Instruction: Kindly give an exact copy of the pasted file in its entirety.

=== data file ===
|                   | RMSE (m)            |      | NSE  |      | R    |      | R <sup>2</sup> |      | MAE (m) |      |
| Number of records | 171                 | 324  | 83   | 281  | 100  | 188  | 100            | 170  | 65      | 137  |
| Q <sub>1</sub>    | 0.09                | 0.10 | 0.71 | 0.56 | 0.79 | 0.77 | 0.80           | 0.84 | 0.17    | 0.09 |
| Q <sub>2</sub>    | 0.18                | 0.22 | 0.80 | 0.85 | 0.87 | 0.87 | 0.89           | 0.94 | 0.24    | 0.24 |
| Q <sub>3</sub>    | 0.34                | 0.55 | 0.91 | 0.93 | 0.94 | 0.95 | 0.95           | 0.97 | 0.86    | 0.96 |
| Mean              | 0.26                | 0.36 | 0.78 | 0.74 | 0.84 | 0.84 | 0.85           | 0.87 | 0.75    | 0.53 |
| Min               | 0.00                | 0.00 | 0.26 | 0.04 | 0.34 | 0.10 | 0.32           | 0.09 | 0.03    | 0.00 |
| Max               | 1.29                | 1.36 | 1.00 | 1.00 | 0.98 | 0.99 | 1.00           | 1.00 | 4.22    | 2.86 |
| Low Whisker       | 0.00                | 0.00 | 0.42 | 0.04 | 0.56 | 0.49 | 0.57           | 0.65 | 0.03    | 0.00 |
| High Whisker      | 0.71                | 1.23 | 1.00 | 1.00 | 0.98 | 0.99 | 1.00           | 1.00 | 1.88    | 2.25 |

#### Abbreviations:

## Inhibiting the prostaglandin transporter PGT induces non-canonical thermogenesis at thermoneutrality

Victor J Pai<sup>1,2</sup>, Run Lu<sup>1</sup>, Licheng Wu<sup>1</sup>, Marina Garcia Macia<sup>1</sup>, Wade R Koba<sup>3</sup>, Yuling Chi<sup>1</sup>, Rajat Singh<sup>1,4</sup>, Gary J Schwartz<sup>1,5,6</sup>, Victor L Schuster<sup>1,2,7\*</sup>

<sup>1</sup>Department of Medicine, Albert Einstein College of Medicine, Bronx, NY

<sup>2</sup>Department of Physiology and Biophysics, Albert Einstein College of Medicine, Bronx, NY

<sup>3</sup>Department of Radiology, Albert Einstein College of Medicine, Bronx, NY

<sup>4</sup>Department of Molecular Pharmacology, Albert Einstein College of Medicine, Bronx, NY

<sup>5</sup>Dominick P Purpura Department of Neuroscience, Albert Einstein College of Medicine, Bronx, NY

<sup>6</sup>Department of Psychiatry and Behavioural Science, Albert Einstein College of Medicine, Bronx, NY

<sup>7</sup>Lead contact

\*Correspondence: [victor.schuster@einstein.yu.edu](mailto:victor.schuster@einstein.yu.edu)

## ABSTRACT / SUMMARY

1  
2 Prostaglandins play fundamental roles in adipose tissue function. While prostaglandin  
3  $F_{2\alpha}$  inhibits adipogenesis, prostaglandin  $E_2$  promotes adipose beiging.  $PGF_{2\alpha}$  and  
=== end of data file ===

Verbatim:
|                   | RMSE (m)            |      | NSE  |      | R    |      | R <sup>2</sup> |      | MAE (m) |      |
| Number of records | 171                 | 324  | 83   | 281  | 100  | 188  | 100            | 170  | 65      | 137  |
| Q <sub>1</sub>    | 0.09                | 0.10 | 0.71 | 0.56 | 0.79 | 0.77 | 0.80           | 0.84 | 0.17    | 0.09 |
| Q <sub>2</sub>    | 0.18                | 0.22 | 0.80 | 0.85 | 0.87 | 0.87 | 0.89           | 0.94 | 0.24    | 0.24 |
| Q <sub>3</sub>    | 0.34                | 0.55 | 0.91 | 0.93 | 0.94 | 0.95 | 0.95           | 0.97 | 0.86    | 0.96 |
| Mean              | 0.26                | 0.36 | 0.78 | 0.74 | 0.84 | 0.84 | 0.85           | 0.87 | 0.75    | 0.53 |
| Min               | 0.00                | 0.00 | 0.26 | 0.04 | 0.34 | 0.10 | 0.32           | 0.09 | 0.03    | 0.00 |
| Max               | 1.29                | 1.36 | 1.00 | 1.00 | 0.98 | 0.99 | 1.00           | 1.00 | 4.22    | 2.86 |
| Low Whisker       | 0.00                | 0.00 | 0.42 | 0.04 | 0.56 | 0.49 | 0.57           | 0.65 | 0.03    | 0.00 |
| High Whisker      | 0.71                | 1.23 | 1.00 | 1.00 | 0.98 | 0.99 | 1.00           | 1.00 | 1.88    | 2.25 |

#### Abbreviations:

## Inhibiting the prostaglandin transporter PGT induces non-canonical thermogenesis at thermoneutrality

Victor J Pai<sup>1,2</sup>, Run Lu<sup>1</sup>, Licheng Wu<sup>1</sup>, Marina Garcia Macia<sup>1</sup>, Wade R Koba<sup>3</sup>, Yuling Chi<sup>1</sup>, Rajat Singh<sup>1,4</sup>, Gary J Schwartz<sup>1,5,6</sup>, Victor L Schuster<sup>1,2,7\*</sup>

<sup>1</sup>Department of Medicine, Albert Einstein College of Medicine, Bronx, NY

<sup>2</sup>Department of Physiology and Biophysics, Albert Einstein College of Medicine, Bronx, NY

<sup>3</sup>Department of Radiology, Albert Einstein College of Medicine, Bronx, NY

<sup>4</sup>Department of Molecular Pharmacology, Albert Einstein College of Medicine, Bronx, NY

<sup>5</sup>Dominick P Purpura Department of Neuroscience, Albert Einstein College of Medicine, Bronx, NY

<sup>6</sup>Department of Psychiatry and Behavioural Science, Albert Einstein College of Medicine, Bronx, NY

<sup>7</sup>Lead contact

\*Correspondence: [victor.schuster@einstein.yu.edu](mailto:victor.schuster@einstein.yu.edu)

## ABSTRACT / SUMMARY

1  
2 Prostaglandins play fundamental roles in adipose tissue function. While prostaglandin  
3  $F_{2\alpha}$  inhibits adipogenesis, prostaglandin  $E_2$  promotes adipose beiging.  $PGF_{2\alpha}$  and  